Ahead of this decision, the Shah Deniz partners have been finalising agreements with the rival pipeline builders that would allow them to take a 50% stake in each should it be picked.
On 22 January, the shareholders building TAP, which will run from the Turkey-Greece border via Greece and Albania and onward across the Adriatic Sea to southern Italy, agreed an option for some key Shah Deniz consortium members including BP, Socar and Total, to take up to a combined 50% of the project should it be picked. TAP's current shareholder structure includes Axpo of Switzerland (42.5%), Norway's Statoil (42.5%), and Germany's E.ON Ruhrgas (15%).
This followed a similar agreement on 10 January with the partners building the rival Nabucco West link to take up to a 50% stake in that pipeline (BP said on 31 January that it would take a 14% stake), which is a vastly scaled-back EU project that was initially intended to take gas from Shah Deniz to a hub in Austria. The shorter version of 1,300 km pipeline will pick up from TANAP at the Turkish-Bulgarian border and run to a gas hub at Baumgarten near Vienna, via Romania and Hungary. At present, the six equal shareholders in Nabucco West are Austria's OMV, Hungary's Mol, Romania's Transgaz, Bulgarian Energy Holding, Turkey's Botas and Germany's RWE.
BP is in advanced talks to take a stake in TANAP project. If a deal is agreed, the UK firm will have equity in all four of pipeline projects associated with Shah Deniz 2 - the South Caucasus Pipeline Expansion, TANAP, Nabucco West and TAP.
On the face of it, TAP looks a better bet, say analysts, since it offers a shorter route with fewer transit countries and fewer partners to complicate matters, though Cook told delegates at the Vienna European Gas Conference on 31 January that "there are a number of factors other than length which will dictate which pipeline".
One major factor will be political support. "We genuinely do not know which pipeline will have the more compelling offer... what we need to see on TAP is a similar level of political support through an inter-governmental agreement that we have seen on the Nabucco pipeline," he added.
Tomasz Daborowski, an energy expert at the Centre for Eastern Studies, a Warsaw think-tank, says he does not share the widespread opinion that Nabucco is dead, given the project's solid political backing, the desire by Azerbaijan to diversify its export routes as much as possible, plus new gas discoveries that could potentially supply the pipeline.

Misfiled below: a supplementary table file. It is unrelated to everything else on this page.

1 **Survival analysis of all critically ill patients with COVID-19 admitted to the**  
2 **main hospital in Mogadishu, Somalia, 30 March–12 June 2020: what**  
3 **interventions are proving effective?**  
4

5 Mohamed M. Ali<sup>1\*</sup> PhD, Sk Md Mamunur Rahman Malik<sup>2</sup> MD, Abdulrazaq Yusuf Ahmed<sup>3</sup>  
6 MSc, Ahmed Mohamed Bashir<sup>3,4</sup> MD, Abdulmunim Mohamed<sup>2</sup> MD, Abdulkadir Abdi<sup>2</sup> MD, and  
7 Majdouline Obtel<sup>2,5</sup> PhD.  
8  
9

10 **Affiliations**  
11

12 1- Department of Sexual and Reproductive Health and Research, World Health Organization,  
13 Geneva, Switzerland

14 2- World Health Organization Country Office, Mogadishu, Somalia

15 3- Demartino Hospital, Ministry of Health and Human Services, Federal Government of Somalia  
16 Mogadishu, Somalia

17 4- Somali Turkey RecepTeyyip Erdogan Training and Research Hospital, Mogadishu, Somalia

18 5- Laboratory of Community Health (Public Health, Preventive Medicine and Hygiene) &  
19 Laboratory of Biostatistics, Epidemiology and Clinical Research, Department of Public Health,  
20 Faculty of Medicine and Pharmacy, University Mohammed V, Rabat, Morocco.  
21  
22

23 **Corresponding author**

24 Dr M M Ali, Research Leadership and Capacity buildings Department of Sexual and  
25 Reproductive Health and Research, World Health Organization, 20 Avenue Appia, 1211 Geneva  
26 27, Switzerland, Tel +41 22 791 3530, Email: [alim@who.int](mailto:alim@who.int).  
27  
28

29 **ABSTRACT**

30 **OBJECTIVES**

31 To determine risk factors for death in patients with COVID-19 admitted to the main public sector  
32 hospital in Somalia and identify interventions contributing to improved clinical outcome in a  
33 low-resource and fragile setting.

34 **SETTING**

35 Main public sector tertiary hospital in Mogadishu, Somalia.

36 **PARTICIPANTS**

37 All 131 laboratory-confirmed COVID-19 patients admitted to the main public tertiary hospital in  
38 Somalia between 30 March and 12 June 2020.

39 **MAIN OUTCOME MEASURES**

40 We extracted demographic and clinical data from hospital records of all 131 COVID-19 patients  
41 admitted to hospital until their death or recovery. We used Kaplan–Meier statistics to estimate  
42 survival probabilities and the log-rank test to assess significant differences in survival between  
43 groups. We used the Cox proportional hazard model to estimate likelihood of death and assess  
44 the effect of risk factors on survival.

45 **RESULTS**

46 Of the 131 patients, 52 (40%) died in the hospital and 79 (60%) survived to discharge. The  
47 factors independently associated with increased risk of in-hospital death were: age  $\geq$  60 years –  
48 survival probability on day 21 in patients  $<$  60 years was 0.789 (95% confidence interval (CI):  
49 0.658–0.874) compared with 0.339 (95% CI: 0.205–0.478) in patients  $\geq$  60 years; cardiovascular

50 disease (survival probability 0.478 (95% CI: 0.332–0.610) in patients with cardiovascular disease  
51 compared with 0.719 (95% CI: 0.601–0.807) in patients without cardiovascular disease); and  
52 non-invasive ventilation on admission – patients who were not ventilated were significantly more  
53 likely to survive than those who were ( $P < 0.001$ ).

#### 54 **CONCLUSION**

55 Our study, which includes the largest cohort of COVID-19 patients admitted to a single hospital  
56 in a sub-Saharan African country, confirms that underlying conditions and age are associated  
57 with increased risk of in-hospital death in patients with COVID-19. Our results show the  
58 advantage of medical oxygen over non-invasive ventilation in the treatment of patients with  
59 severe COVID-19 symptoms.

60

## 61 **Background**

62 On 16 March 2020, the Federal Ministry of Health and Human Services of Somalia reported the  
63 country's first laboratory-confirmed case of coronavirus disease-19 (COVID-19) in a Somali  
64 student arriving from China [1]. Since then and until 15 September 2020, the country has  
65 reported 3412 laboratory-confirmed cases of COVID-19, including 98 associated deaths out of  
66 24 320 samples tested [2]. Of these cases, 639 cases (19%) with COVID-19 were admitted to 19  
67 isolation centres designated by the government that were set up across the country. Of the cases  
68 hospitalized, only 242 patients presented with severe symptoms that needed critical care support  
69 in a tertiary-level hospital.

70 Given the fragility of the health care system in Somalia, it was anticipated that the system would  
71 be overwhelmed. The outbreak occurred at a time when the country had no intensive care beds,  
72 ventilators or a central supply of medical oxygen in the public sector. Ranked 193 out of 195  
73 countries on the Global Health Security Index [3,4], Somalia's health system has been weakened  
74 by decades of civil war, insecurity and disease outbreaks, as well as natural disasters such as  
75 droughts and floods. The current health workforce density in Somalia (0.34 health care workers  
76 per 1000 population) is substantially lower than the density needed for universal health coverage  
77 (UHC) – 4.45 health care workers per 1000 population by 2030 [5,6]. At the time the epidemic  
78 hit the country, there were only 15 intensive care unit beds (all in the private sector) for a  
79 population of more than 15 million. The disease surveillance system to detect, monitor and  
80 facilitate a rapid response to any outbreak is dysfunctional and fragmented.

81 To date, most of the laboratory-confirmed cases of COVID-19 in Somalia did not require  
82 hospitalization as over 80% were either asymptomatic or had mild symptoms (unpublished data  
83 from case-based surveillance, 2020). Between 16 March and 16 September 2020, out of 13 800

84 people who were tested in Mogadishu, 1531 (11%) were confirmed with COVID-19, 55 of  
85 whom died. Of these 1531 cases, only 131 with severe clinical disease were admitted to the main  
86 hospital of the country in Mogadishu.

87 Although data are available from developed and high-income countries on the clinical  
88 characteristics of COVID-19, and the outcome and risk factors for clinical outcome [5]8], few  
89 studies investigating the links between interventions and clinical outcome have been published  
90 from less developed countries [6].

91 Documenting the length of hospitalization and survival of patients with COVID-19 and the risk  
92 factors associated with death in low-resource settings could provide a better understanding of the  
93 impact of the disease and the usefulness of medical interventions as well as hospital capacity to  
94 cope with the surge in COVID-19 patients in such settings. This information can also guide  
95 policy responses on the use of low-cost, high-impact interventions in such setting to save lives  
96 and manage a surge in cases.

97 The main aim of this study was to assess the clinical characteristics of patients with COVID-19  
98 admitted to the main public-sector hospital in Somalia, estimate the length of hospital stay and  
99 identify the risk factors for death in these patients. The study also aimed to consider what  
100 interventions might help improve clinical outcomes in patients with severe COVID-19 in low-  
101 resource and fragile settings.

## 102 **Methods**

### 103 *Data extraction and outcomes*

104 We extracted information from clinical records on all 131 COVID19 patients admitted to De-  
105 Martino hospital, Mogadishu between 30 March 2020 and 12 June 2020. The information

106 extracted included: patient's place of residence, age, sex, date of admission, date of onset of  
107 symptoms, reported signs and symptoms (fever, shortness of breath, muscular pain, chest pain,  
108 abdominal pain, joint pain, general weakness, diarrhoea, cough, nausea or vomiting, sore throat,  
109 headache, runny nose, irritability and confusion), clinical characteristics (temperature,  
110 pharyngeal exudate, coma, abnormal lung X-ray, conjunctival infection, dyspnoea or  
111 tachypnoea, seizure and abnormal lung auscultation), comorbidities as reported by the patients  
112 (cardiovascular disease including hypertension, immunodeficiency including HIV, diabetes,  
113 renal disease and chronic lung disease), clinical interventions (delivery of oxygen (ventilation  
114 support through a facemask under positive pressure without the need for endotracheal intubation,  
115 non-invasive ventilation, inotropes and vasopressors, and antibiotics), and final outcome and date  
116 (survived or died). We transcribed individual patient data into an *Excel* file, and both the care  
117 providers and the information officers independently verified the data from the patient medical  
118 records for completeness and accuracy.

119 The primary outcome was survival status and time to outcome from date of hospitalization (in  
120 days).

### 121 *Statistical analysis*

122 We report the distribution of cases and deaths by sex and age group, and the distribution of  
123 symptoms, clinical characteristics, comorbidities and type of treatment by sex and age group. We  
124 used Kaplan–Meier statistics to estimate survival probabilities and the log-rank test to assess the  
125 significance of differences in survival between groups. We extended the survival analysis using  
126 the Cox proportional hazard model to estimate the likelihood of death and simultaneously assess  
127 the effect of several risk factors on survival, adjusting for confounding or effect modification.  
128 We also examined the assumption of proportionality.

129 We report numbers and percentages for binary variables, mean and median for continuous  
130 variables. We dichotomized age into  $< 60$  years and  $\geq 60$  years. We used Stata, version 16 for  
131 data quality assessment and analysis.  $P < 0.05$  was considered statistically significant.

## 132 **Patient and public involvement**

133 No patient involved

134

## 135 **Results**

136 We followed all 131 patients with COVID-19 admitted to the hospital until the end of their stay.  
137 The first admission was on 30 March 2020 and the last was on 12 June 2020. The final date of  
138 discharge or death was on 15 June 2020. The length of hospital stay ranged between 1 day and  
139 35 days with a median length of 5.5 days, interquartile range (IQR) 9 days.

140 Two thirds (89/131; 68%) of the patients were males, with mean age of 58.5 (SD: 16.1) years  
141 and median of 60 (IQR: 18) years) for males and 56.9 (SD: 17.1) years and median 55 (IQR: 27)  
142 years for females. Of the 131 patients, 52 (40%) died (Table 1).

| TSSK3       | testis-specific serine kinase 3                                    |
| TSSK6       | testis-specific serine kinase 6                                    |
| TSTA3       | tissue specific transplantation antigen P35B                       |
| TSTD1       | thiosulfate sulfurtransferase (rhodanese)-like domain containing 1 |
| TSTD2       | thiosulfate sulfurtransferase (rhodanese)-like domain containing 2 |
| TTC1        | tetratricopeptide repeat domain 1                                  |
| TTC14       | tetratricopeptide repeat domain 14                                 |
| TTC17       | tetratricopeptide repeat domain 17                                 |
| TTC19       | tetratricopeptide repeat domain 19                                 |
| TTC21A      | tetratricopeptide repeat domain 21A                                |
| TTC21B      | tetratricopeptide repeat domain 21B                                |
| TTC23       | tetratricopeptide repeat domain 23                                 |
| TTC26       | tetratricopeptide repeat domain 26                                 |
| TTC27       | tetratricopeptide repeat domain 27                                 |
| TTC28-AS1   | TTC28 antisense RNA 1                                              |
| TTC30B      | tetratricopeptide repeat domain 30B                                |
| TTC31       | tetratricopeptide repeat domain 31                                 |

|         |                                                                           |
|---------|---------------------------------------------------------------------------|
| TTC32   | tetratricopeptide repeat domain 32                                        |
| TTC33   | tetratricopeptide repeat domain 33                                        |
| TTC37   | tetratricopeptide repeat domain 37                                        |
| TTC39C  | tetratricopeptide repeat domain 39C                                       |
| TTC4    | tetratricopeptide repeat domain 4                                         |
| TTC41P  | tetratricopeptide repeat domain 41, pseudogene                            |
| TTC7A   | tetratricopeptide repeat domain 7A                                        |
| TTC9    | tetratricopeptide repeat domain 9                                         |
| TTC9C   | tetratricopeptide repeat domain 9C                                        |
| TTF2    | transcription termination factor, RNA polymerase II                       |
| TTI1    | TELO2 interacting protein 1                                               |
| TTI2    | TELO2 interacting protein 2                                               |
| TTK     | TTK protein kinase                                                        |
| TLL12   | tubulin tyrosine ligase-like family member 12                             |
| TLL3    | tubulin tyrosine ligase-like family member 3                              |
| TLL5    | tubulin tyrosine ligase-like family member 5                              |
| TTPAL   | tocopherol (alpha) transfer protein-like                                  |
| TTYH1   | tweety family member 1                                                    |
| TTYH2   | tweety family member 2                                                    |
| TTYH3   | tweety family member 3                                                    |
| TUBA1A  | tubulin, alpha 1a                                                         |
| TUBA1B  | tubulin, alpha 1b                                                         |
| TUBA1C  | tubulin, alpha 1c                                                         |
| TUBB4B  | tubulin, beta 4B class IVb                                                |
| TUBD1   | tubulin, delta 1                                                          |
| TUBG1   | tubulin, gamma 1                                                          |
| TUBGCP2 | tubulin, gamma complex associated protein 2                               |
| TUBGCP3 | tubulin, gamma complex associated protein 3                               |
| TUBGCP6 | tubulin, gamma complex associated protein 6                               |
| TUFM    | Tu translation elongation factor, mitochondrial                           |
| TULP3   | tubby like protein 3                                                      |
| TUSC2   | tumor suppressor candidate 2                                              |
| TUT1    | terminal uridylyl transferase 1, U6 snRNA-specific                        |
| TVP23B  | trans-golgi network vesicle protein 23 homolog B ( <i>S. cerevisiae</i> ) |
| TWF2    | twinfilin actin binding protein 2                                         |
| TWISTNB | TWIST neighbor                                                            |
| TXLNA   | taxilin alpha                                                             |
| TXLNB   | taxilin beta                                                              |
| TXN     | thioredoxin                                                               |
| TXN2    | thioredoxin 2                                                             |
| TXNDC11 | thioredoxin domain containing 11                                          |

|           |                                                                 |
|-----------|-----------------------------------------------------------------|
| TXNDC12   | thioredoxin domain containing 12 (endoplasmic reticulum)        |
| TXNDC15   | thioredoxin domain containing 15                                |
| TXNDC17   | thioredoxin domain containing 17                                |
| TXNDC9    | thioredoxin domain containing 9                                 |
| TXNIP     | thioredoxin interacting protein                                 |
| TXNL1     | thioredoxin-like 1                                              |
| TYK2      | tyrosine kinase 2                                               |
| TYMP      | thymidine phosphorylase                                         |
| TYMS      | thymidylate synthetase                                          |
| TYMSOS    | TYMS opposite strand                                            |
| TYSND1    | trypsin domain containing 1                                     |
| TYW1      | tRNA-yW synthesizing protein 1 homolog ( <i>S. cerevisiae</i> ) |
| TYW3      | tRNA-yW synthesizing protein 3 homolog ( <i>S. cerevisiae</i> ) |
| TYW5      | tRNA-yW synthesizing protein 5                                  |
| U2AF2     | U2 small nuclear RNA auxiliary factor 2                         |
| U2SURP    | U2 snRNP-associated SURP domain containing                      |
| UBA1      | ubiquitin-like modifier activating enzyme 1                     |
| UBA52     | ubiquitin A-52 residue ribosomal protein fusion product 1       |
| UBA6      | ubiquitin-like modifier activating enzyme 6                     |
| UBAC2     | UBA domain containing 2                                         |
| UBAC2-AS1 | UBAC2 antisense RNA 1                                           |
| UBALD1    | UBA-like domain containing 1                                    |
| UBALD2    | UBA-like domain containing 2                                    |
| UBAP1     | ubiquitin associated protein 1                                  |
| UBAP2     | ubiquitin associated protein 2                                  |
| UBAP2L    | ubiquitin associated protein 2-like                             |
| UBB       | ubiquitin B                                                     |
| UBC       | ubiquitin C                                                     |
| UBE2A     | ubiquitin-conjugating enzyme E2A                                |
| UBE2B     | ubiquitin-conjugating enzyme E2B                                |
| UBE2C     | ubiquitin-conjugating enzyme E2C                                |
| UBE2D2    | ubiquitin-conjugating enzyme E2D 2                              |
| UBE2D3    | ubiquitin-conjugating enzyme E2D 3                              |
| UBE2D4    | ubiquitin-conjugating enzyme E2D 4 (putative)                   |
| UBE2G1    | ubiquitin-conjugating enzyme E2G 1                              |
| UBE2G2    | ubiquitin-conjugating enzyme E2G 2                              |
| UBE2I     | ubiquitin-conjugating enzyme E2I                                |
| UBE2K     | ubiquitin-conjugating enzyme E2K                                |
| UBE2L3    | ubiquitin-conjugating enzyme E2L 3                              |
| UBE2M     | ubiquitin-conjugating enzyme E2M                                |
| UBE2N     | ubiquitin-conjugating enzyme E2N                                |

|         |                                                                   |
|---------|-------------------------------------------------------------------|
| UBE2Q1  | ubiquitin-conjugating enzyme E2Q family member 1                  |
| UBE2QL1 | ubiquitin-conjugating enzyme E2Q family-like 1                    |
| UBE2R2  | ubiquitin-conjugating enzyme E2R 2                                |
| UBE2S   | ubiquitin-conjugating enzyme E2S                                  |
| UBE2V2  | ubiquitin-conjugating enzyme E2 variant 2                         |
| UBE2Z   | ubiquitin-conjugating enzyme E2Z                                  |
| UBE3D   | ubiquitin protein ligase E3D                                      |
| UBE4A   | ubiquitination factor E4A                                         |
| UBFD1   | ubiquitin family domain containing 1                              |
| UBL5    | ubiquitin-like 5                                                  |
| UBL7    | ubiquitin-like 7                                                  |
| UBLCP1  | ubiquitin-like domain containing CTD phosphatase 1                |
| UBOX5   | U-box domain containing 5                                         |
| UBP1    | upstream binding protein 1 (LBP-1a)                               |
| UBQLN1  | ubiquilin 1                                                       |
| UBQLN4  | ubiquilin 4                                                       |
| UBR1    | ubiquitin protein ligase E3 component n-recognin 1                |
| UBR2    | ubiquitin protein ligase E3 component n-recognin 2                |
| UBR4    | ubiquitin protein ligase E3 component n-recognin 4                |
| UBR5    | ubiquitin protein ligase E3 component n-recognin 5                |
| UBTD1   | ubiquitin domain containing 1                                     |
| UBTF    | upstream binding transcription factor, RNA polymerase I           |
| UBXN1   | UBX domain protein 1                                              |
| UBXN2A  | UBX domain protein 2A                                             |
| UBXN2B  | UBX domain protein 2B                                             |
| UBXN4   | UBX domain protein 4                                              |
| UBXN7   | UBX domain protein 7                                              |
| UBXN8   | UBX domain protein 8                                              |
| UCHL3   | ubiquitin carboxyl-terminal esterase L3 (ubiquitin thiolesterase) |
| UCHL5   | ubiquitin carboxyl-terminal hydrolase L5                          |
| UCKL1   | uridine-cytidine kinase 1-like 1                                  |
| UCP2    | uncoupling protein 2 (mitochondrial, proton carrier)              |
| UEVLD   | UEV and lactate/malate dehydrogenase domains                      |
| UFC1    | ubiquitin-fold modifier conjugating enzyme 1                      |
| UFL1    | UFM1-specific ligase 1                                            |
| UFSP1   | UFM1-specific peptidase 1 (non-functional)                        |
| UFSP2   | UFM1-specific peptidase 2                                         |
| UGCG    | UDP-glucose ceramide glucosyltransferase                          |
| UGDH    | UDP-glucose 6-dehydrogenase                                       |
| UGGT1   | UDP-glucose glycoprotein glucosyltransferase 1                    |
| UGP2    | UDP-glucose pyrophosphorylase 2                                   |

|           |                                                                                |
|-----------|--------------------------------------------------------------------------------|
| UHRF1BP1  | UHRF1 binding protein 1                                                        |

As such, some experts believe that both pipelines could be built - a view given some weight by comments from BP and Socar over the past few weeks.
Socar's deputy vice-president, Vitaly Beylarbayov, was quoted by newswires as saying at the end of January that Nabucco West and TAP "are definitely not mutually exclusive". On 31 January, Cook said BP had received buyer interest totalling 20bn cm/y for each of the two proposed routes and, asked whether both pipelines will be built, said: "We would not rule it out in the long term."
BP is in advanced talks to take a stake in TANAP project. If a deal is agreed, the UK firm will have equity in all four of pipeline projects associated with Shah Deniz 2
Analysts at IHS Energy say these comments suggest Socar and BP are signalling that both Nabucco West and TAP will be built, with the June announcement likely to reveal which will come first.
Andrew Neff, senior energy analyst at IHS Energy, says the fact that TANAP is open to having two exit routes, to Bulgaria and Greece, seems to suggest that both Nabucco West and TAP could be built in the end. "There is a growing expectation now that Nabucco West versus TAP is not an "either/or" proposition so much as a 'which comes first?' decision - with the June decision on which route will be built first and will carry Shah Deniz 2 gas, while the 'loser' option could yet be built one to two years behind, carrying additional Azeri gas supplies from Umid, Absheron, and future output from Shafag-Asiman, deep-water ACG," says Neff.
But the June decision is still crucial, since obviously it would better to be chosen as the first option. "The second option has a bit more problem to overcome with regard to getting to a [final investment decision] in the context of what happens with South Stream's progress on construction," he says.
Helen Robertson also contributed to this article.